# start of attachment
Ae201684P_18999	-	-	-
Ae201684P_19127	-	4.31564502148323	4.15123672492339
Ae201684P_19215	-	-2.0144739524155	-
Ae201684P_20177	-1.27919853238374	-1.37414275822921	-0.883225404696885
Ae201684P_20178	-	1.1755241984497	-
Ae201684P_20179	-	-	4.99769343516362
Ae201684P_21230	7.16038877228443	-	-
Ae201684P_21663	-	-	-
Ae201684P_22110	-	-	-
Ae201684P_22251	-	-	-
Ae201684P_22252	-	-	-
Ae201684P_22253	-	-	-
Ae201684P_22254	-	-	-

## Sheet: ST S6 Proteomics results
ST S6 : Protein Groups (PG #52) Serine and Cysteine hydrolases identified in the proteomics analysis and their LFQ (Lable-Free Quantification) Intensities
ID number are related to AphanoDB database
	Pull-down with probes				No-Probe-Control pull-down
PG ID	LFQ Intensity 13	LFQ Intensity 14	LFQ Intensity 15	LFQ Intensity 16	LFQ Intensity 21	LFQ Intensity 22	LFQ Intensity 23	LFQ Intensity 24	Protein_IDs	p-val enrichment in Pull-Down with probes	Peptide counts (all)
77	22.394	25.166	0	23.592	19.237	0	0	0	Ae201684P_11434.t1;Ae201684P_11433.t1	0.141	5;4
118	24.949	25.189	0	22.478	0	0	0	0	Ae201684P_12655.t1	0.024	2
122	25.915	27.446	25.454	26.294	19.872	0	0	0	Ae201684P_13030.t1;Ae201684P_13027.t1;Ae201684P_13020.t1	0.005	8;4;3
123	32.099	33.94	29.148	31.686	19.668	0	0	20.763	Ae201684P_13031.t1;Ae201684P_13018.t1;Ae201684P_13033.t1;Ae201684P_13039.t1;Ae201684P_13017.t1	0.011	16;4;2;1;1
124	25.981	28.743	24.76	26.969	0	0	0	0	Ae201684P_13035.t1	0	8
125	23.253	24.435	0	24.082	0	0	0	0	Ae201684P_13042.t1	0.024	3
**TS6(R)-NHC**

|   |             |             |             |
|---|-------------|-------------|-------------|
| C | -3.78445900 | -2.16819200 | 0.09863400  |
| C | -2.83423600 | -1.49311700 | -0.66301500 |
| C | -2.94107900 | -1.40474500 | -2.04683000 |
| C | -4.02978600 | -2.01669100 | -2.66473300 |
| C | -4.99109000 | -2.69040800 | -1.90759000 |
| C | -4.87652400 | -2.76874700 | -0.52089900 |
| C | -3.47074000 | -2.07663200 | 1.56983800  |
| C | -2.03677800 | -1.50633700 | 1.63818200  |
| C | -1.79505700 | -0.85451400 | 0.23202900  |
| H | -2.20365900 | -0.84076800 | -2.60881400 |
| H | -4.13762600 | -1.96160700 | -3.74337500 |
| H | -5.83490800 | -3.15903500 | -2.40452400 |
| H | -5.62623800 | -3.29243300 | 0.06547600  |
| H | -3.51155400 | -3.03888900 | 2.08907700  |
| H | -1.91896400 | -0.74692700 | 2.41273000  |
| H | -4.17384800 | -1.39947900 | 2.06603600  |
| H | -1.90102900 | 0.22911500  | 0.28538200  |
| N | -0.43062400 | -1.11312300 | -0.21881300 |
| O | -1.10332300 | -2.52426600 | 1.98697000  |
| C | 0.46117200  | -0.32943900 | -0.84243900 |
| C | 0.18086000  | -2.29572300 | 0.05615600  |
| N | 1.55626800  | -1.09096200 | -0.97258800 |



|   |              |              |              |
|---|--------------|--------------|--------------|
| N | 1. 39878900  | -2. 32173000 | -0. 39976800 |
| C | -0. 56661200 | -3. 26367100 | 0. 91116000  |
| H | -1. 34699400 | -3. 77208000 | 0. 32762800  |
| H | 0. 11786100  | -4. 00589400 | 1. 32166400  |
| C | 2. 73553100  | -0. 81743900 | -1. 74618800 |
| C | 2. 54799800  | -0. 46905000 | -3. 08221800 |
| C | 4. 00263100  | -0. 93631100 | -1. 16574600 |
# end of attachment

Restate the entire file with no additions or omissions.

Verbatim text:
Ae201684P_18999	-	-	-
Ae201684P_19127	-	4.31564502148323	4.15123672492339
Ae201684P_19215	-	-2.0144739524155	-
Ae201684P_20177	-1.27919853238374	-1.37414275822921	-0.883225404696885
Ae201684P_20178	-	1.1755241984497	-
Ae201684P_20179	-	-	4.99769343516362
Ae201684P_21230	7.16038877228443	-	-
Ae201684P_21663	-	-	-
Ae201684P_22110	-	-	-
Ae201684P_22251	-	-	-
Ae201684P_22252	-	-	-
Ae201684P_22253	-	-	-
Ae201684P_22254	-	-	-

## Sheet: ST S6 Proteomics results
ST S6 : Protein Groups (PG #52) Serine and Cysteine hydrolases identified in the proteomics analysis and their LFQ (Lable-Free Quantification) Intensities
ID number are related to AphanoDB database
	Pull-down with probes				No-Probe-Control pull-down
PG ID	LFQ Intensity 13	LFQ Intensity 14	LFQ Intensity 15	LFQ Intensity 16	LFQ Intensity 21	LFQ Intensity 22	LFQ Intensity 23	LFQ Intensity 24	Protein_IDs	p-val enrichment in Pull-Down with probes	Peptide counts (all)
77	22.394	25.166	0	23.592	19.237	0	0	0	Ae201684P_11434.t1;Ae201684P_11433.t1	0.141	5;4
118	24.949	25.189	0	22.478	0	0	0	0	Ae201684P_12655.t1	0.024	2
122	25.915	27.446	25.454	26.294	19.872	0	0	0	Ae201684P_13030.t1;Ae201684P_13027.t1;Ae201684P_13020.t1	0.005	8;4;3
123	32.099	33.94	29.148	31.686	19.668	0	0	20.763	Ae201684P_13031.t1;Ae201684P_13018.t1;Ae201684P_13033.t1;Ae201684P_13039.t1;Ae201684P_13017.t1	0.011	16;4;2;1;1
124	25.981	28.743	24.76	26.969	0	0	0	0	Ae201684P_13035.t1	0	8
125	23.253	24.435	0	24.082	0	0	0	0	Ae201684P_13042.t1	0.024	3
**TS6(R)-NHC**

|   |             |             |             |
|---|-------------|-------------|-------------|
| C | -3.78445900 | -2.16819200 | 0.09863400  |
| C | -2.83423600 | -1.49311700 | -0.66301500 |
| C | -2.94107900 | -1.40474500 | -2.04683000 |
| C | -4.02978600 | -2.01669100 | -2.66473300 |
| C | -4.99109000 | -2.69040800 | -1.90759000 |
| C | -4.87652400 | -2.76874700 | -0.52089900 |
| C | -3.47074000 | -2.07663200 | 1.56983800  |
| C | -2.03677800 | -1.50633700 | 1.63818200  |
| C | -1.79505700 | -0.85451400 | 0.23202900  |
| H | -2.20365900 | -0.84076800 | -2.60881400 |
| H | -4.13762600 | -1.96160700 | -3.74337500 |
| H | -5.83490800 | -3.15903500 | -2.40452400 |
| H | -5.62623800 | -3.29243300 | 0.06547600  |
| H | -3.51155400 | -3.03888900 | 2.08907700  |
| H | -1.91896400 | -0.74692700 | 2.41273000  |
| H | -4.17384800 | -1.39947900 | 2.06603600  |
| H | -1.90102900 | 0.22911500  | 0.28538200  |
| N | -0.43062400 | -1.11312300 | -0.21881300 |
| O | -1.10332300 | -2.52426600 | 1.98697000  |
| C | 0.46117200  | -0.32943900 | -0.84243900 |
| C | 0.18086000  | -2.29572300 | 0.05615600  |
| N | 1.55626800  | -1.09096200 | -0.97258800 |



|   |              |              |              |
|---|--------------|--------------|--------------|
| N | 1. 39878900  | -2. 32173000 | -0. 39976800 |
| C | -0. 56661200 | -3. 26367100 | 0. 91116000  |
| H | -1. 34699400 | -3. 77208000 | 0. 32762800  |
| H | 0. 11786100  | -4. 00589400 | 1. 32166400  |
| C | 2. 73553100  | -0. 81743900 | -1. 74618800 |
| C | 2. 54799800  | -0. 46905000 | -3. 08221800 |
| C | 4. 00263100  | -0. 93631100 | -1. 16574600 |